Brighton suffers by being so close to the huge crime zone that is London. The infamous Hoxton Mob caused havoc with a major disturbance and gang fight at the race course in the late 1920s. The London gangs were dominated by Darby Sabini and he may have been the model for Mr Colleoni, the suave gang boss in the novel whose HQ was the 'Cosmopolitan', a location modeled on the old Bedford Hotel opposite the West Pier.

Did Greene's Brighton Rock give the city its infamously seedy reputation - or was that reputation already there?

It certainly helped by giving Brighton's seedy under-belly a national and indeed international viewing. It has certainly coloured all successive descriptions of Brighton's 'dark side'. In truth the image goes back much further. Each stage of Brighton history has given rise to crime, smuggling when a fishing town, gaming and sharping when a Georgian resort, prostitution when a Napoleonic garrison town, and the general level of crime that occurs in urban areas of a constantly shifting population, often low paid, in a community with vast contrasts in levels of wealth. As an entertainment town the use of recreational booze and drugs obviously breeds crime.

Can you explain a bit about the title of the book?

Brighton Rock is a short snappy title and one immediately understood by the British public (but not in the USA where they had to change the title to Young Scarface). Its meaning is emphasised in the book when Pinkie compares himself to the Rock 'with Brighton all the way through' in a parochial boast. The way down from the station along Queens Road was at one time lined with sweetshops and cheap souvenir shops (famously Rocco's was the pinnacle of tourist tat) all with signs outside stating 'Brighton Rock on sale here'; free advertising for the book and a factor that enraged the town authorities.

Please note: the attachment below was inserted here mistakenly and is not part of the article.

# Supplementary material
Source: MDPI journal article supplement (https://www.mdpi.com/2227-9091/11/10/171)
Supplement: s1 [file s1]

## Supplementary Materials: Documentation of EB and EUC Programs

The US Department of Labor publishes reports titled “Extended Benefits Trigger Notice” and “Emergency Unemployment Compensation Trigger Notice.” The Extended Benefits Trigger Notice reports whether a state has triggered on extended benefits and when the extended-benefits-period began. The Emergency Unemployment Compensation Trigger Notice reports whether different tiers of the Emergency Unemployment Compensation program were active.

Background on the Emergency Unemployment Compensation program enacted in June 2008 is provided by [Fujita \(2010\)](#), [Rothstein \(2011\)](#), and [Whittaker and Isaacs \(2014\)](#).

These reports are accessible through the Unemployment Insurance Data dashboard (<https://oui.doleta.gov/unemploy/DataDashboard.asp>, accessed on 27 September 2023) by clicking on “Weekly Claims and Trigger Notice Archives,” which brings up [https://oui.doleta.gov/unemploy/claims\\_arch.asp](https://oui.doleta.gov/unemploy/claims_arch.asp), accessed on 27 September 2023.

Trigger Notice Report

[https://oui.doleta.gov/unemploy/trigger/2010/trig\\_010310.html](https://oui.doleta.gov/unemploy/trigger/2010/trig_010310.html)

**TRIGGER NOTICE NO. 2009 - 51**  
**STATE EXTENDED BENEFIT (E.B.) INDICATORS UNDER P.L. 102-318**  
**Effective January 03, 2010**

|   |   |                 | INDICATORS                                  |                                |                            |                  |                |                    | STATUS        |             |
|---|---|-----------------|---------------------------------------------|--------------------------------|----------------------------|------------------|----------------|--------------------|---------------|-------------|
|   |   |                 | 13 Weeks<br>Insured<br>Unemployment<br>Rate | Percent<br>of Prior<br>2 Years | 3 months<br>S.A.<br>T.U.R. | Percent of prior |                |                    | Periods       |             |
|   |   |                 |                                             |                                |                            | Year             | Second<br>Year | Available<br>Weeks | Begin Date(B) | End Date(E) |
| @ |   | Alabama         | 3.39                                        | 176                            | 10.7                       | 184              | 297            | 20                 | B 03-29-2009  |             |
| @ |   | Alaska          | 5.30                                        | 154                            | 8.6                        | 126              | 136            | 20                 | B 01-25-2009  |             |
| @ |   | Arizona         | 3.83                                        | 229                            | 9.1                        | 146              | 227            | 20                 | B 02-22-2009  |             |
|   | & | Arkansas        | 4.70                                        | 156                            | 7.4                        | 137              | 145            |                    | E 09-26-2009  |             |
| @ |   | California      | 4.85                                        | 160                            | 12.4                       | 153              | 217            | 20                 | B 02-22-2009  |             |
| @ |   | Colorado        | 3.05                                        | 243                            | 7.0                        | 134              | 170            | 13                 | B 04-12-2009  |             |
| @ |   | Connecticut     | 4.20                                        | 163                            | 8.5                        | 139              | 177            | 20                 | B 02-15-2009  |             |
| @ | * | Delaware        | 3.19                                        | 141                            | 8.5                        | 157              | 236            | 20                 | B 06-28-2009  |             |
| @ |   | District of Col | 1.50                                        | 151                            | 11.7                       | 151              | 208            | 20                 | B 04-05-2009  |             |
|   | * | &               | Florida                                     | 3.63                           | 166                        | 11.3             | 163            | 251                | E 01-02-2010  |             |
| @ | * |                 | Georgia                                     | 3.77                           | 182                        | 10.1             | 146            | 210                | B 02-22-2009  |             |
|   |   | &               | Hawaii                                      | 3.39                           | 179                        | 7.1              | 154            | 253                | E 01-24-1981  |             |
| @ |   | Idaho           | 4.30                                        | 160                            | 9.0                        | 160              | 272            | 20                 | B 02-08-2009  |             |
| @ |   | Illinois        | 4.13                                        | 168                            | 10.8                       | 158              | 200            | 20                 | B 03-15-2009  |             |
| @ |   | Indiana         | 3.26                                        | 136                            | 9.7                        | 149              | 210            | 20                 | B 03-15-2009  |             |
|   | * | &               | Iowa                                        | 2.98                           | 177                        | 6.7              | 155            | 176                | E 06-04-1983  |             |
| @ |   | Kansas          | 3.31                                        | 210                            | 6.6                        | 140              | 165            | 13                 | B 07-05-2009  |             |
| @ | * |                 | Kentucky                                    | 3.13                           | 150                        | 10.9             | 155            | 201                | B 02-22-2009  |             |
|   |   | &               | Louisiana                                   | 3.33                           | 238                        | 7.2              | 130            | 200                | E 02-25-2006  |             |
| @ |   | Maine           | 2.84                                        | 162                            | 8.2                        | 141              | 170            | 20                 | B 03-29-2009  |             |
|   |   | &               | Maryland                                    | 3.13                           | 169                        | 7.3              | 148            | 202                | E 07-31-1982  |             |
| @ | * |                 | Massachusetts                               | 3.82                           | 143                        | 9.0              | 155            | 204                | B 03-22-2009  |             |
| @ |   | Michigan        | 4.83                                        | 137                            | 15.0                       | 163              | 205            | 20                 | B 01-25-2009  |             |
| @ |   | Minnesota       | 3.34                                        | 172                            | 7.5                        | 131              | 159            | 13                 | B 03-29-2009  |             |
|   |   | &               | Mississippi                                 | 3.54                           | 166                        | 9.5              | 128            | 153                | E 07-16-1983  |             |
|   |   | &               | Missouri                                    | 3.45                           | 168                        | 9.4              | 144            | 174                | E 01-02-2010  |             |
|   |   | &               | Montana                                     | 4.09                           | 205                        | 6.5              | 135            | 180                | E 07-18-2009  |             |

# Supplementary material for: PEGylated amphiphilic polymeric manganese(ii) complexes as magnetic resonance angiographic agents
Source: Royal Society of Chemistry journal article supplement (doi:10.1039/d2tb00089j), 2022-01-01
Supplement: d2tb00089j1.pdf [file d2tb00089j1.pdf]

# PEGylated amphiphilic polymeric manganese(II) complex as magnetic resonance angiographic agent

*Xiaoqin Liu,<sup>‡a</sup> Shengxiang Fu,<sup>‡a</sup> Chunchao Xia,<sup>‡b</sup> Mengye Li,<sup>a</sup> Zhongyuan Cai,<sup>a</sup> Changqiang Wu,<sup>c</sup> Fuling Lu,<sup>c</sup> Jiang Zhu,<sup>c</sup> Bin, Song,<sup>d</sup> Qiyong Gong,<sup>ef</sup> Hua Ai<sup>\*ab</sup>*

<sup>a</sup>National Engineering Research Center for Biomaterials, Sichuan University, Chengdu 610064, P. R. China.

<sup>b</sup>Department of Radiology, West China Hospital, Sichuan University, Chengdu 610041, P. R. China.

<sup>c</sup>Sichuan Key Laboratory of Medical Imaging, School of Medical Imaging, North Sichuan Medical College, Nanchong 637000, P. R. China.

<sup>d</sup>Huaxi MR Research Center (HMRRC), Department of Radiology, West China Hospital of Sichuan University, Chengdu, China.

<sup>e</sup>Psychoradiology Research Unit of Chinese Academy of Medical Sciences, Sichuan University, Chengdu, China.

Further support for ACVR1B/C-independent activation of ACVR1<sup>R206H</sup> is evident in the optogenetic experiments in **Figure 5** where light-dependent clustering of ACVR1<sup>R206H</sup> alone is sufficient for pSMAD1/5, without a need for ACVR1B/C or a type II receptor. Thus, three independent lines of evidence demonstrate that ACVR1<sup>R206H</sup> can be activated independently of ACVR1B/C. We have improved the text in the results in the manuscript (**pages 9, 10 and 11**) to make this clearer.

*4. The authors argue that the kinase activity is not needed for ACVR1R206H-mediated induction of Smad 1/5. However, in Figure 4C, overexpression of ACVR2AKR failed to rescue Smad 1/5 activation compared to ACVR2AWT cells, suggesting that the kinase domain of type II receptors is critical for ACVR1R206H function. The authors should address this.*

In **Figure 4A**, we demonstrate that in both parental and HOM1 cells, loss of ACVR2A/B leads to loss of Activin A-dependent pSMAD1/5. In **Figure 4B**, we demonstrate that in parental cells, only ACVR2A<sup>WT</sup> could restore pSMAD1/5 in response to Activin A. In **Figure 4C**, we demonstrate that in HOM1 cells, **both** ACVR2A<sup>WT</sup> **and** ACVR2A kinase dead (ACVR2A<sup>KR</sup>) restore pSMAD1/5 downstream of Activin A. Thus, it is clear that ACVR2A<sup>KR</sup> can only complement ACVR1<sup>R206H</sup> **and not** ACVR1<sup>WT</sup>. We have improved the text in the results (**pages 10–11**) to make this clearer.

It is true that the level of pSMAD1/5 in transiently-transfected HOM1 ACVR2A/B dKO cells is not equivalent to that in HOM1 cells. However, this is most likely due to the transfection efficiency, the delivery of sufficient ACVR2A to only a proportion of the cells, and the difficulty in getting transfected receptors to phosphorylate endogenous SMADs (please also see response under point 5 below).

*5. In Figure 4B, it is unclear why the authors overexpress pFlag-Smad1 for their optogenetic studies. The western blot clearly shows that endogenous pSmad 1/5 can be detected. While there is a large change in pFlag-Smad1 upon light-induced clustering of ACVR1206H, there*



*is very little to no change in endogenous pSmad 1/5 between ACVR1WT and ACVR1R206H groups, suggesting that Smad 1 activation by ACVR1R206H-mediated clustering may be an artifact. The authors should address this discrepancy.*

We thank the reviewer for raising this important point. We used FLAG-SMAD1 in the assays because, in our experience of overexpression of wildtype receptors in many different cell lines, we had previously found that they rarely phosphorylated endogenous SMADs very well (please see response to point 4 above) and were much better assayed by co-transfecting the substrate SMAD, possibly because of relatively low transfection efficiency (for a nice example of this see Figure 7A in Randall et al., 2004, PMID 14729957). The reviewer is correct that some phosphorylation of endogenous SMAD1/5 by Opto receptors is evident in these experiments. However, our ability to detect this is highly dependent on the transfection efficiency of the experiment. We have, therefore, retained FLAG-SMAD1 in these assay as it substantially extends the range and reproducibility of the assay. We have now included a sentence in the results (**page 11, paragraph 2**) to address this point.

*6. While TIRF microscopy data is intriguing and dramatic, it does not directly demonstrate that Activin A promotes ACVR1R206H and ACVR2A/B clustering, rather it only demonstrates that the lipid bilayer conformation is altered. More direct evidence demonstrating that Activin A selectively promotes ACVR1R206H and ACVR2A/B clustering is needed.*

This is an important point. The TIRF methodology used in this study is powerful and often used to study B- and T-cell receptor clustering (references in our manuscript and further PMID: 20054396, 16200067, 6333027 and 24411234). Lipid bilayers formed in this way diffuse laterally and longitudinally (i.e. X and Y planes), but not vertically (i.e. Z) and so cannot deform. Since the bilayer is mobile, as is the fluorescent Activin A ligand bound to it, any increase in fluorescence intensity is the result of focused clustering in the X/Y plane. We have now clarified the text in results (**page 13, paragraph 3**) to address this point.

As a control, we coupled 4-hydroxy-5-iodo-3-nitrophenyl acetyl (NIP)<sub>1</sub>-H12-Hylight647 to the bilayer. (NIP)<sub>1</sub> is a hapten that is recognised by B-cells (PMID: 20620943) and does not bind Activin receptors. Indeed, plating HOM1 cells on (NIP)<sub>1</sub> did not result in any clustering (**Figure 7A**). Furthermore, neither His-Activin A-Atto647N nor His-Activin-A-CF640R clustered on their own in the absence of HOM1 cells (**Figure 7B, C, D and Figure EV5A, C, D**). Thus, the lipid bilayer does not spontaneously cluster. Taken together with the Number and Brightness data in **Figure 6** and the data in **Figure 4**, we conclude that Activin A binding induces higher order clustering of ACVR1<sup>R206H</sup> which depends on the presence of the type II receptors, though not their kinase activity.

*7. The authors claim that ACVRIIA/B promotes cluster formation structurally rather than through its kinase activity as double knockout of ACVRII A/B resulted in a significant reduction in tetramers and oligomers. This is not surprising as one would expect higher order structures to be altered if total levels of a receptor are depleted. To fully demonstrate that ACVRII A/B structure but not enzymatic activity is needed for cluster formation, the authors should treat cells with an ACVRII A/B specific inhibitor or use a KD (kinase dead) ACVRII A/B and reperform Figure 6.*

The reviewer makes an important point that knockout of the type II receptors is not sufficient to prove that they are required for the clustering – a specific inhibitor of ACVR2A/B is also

Brighton has been home to numerous artistic legends, including Sir Laurence Olivier, Dame Peggy Ashcroft, Terence Rattigan and Max Miller: what is it about Brighton, do you think, that attracts artistic interest?

In social geography terms Brighton is an 'open' community where freedom of approach and freedom to think in a radical way allow artistic and innovatory fringe talent to flourish. The flamboyant worlds of theatre and film find a natural home in Brighton and its proximity to the enormous artistic pool of London all helps in creating an atmosphere of artistic endeavour. Max Miller, of course, was born in Brighton in a very poor district in Hereford St and in spite of his considerable wealth never left the town.

Was Graham Greene's association with Brighton anything other than literary?

Greene may have lived in Brighton for a time (a flat in Embassy Court - once home of the author Keith Waterhouse - has been identified by some as a likely residence) as his locations are often obscure and would not be known by non-residents, but I have never ascertained where he lived! His favourite pub was The Cricketers in Black Lion Street, which now has a bar titled The Greene Room.

Is there any of the "old" Brighton left?

Yes! I lead guided walks, seeking out the very rare bits of old Brighton. There are bits in the Lanes and around Old Steine that have survived and one or two corners in the area east of the Valley Gardens as well as in the North Laine, where you'll find the odd ghost from the past.


Notes for editors

 

Geoffrey Mead is currently undertaking doctoral research into the changes that occurred in the inter-war suburban areas around Brighton, specifically in Patcham. He teaches Landscape Studies in the University's Centre for Community Engagement, covering Conservation and Agriculture, Physical and Human Landscapes and Industrial Archaeology. He also works within the University's School of Global Studies, leading local field trips for geography students.

University of Sussex Press office contacts: Maggie Clune, Jacqui Bealing and Daniëlle Treanor. Tel: 01273 678 888. Email: press@sussex.ac.uk

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Last updated: Tuesday, 1 February 2011